Forty per cent of Canadian students are unable to access enough food or nutrition, according to a recently published study on food insecurity among students at five Canadian universities.
The study, which was conducted by Meal Exchange, a charity that works to eradicate hunger in local communities, suggests that almost 40 per cent of Canadian students are food insecure. Five Canadian campuses and 4,500 students took part in the study.
The report concludes that “Canadian financial support for post-secondary students is inadequate for the maintenance of food security during university.” It also cites a lack of food literacy, the on-campus and off-campus food environments available and lack of time as barriers to food access.
The report defines being food secure in not just having sufficient food to eat, but also having access to food that it is nutritious and meets dietary needs.
TRU’s wellness coordinator Meaghan Hagerty is not shocked by the findings, and said that it’s more than just having enough food to eat. Hagerty believes that one factor that would increase food security is education and making sure that students know how to prepare nutritionally wholesome meals.
Another way the report determined food insecurity was analyzing how many students spend money on low-cost foods. However, Hagerty said that low-cost foods are not necessarily bad and that it depends on what students buy.
“If students are living off noodle soup and Kraft Dinner as low-cost options, that is definitely worrisome to health. If they are seeking out things like discounted fruits and vegetables, on the other hand, I think that’s a great thing,” Hagerty said in an email.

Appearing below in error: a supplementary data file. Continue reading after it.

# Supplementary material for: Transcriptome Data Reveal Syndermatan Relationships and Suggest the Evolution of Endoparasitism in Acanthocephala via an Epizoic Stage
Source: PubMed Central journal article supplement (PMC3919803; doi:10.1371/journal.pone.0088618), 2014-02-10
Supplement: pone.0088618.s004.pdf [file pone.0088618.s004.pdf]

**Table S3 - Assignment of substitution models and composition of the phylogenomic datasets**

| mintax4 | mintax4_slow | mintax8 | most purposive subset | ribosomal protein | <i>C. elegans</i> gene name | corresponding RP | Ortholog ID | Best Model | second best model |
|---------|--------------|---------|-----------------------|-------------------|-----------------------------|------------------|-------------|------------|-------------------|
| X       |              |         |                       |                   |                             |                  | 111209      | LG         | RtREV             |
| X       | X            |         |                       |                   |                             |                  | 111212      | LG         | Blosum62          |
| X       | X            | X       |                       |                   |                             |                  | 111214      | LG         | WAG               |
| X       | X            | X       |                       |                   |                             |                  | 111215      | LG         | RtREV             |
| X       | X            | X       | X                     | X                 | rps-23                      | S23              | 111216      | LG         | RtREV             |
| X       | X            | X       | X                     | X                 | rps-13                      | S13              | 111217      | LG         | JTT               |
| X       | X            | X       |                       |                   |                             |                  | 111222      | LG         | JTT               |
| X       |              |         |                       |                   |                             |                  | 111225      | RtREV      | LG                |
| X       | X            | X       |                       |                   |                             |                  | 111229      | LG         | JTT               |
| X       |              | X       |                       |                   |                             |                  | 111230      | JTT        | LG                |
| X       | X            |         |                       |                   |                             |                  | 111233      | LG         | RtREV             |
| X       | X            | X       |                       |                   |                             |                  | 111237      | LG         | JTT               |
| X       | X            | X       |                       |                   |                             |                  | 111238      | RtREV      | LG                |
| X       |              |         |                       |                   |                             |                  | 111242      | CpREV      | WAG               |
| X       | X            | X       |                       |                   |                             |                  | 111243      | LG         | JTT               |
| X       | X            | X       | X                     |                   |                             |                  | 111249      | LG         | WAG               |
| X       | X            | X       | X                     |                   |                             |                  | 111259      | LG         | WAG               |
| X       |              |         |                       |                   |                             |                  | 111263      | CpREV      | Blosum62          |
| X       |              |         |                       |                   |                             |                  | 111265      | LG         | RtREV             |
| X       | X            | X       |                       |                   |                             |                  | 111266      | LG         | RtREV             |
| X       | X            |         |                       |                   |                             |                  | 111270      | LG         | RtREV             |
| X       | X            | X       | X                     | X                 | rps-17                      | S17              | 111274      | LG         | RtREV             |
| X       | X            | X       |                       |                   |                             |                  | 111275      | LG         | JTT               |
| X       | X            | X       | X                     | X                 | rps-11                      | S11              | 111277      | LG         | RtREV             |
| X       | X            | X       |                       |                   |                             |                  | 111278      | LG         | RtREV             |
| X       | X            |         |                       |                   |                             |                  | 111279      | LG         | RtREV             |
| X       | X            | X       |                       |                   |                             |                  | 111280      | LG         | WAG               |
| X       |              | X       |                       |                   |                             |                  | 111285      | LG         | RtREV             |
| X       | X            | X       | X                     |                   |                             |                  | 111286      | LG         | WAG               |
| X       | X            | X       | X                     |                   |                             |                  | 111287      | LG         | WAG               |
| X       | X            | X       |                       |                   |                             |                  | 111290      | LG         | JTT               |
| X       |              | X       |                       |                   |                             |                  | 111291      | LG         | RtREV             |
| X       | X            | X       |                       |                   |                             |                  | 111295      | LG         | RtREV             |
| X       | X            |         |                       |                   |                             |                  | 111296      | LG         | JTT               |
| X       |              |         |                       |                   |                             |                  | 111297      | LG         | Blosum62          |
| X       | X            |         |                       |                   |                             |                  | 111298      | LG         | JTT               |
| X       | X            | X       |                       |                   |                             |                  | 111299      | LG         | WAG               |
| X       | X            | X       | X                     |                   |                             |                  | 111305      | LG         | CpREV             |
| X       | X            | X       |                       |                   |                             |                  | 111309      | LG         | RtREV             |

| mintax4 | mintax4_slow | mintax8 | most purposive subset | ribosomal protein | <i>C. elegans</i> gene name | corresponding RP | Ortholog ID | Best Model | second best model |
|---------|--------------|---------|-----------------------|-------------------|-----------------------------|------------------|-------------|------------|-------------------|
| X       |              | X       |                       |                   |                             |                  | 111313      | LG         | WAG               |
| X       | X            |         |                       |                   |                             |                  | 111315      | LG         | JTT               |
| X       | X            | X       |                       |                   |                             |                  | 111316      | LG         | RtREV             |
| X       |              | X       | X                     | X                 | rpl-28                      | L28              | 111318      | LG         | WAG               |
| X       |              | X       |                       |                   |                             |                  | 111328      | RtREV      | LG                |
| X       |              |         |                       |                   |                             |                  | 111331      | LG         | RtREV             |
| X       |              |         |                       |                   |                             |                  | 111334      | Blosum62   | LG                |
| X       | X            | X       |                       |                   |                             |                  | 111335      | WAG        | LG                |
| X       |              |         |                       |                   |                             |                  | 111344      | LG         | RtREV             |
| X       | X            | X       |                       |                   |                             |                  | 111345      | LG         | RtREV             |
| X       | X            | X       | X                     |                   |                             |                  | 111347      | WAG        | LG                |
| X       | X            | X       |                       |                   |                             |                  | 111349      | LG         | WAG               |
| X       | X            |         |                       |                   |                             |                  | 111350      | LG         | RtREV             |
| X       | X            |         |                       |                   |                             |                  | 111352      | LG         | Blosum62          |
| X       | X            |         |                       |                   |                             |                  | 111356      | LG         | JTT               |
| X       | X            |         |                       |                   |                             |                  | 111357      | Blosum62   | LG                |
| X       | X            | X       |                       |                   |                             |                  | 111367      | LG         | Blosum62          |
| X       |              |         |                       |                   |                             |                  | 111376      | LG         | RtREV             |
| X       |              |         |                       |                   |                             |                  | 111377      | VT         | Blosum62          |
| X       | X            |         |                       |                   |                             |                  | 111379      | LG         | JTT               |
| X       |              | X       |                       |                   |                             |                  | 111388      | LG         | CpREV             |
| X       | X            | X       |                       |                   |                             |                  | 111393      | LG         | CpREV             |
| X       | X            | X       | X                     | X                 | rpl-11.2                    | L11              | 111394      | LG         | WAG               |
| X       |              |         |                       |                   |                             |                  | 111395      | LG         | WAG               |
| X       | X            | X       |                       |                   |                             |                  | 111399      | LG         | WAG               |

The report also outlined that food insecurity is more prevalent in different groups. Indigenous students and other students of non-European ethnic backgrounds were more likely to be reported as food insecure. A difference in food security was also seen in students who had student loans.
TRUSU’s vice-president external Amber Storvold said that it is “unfortunate that there is still a need” for nutritious food access for students.
Storvold also mentioned that TRUSU’s food bank is openly available and accepts donations from both students and the wider community.
Meal Exchange’s findings also bring to light a lack of research done into Canadian students’ food security, asserting that other developed countries such as Australia and the United States have much more research in their students’ security than Canada does.
According to Statistics Canada’s consumer price index, the average price of food has increased by 40.5 per cent since 2002.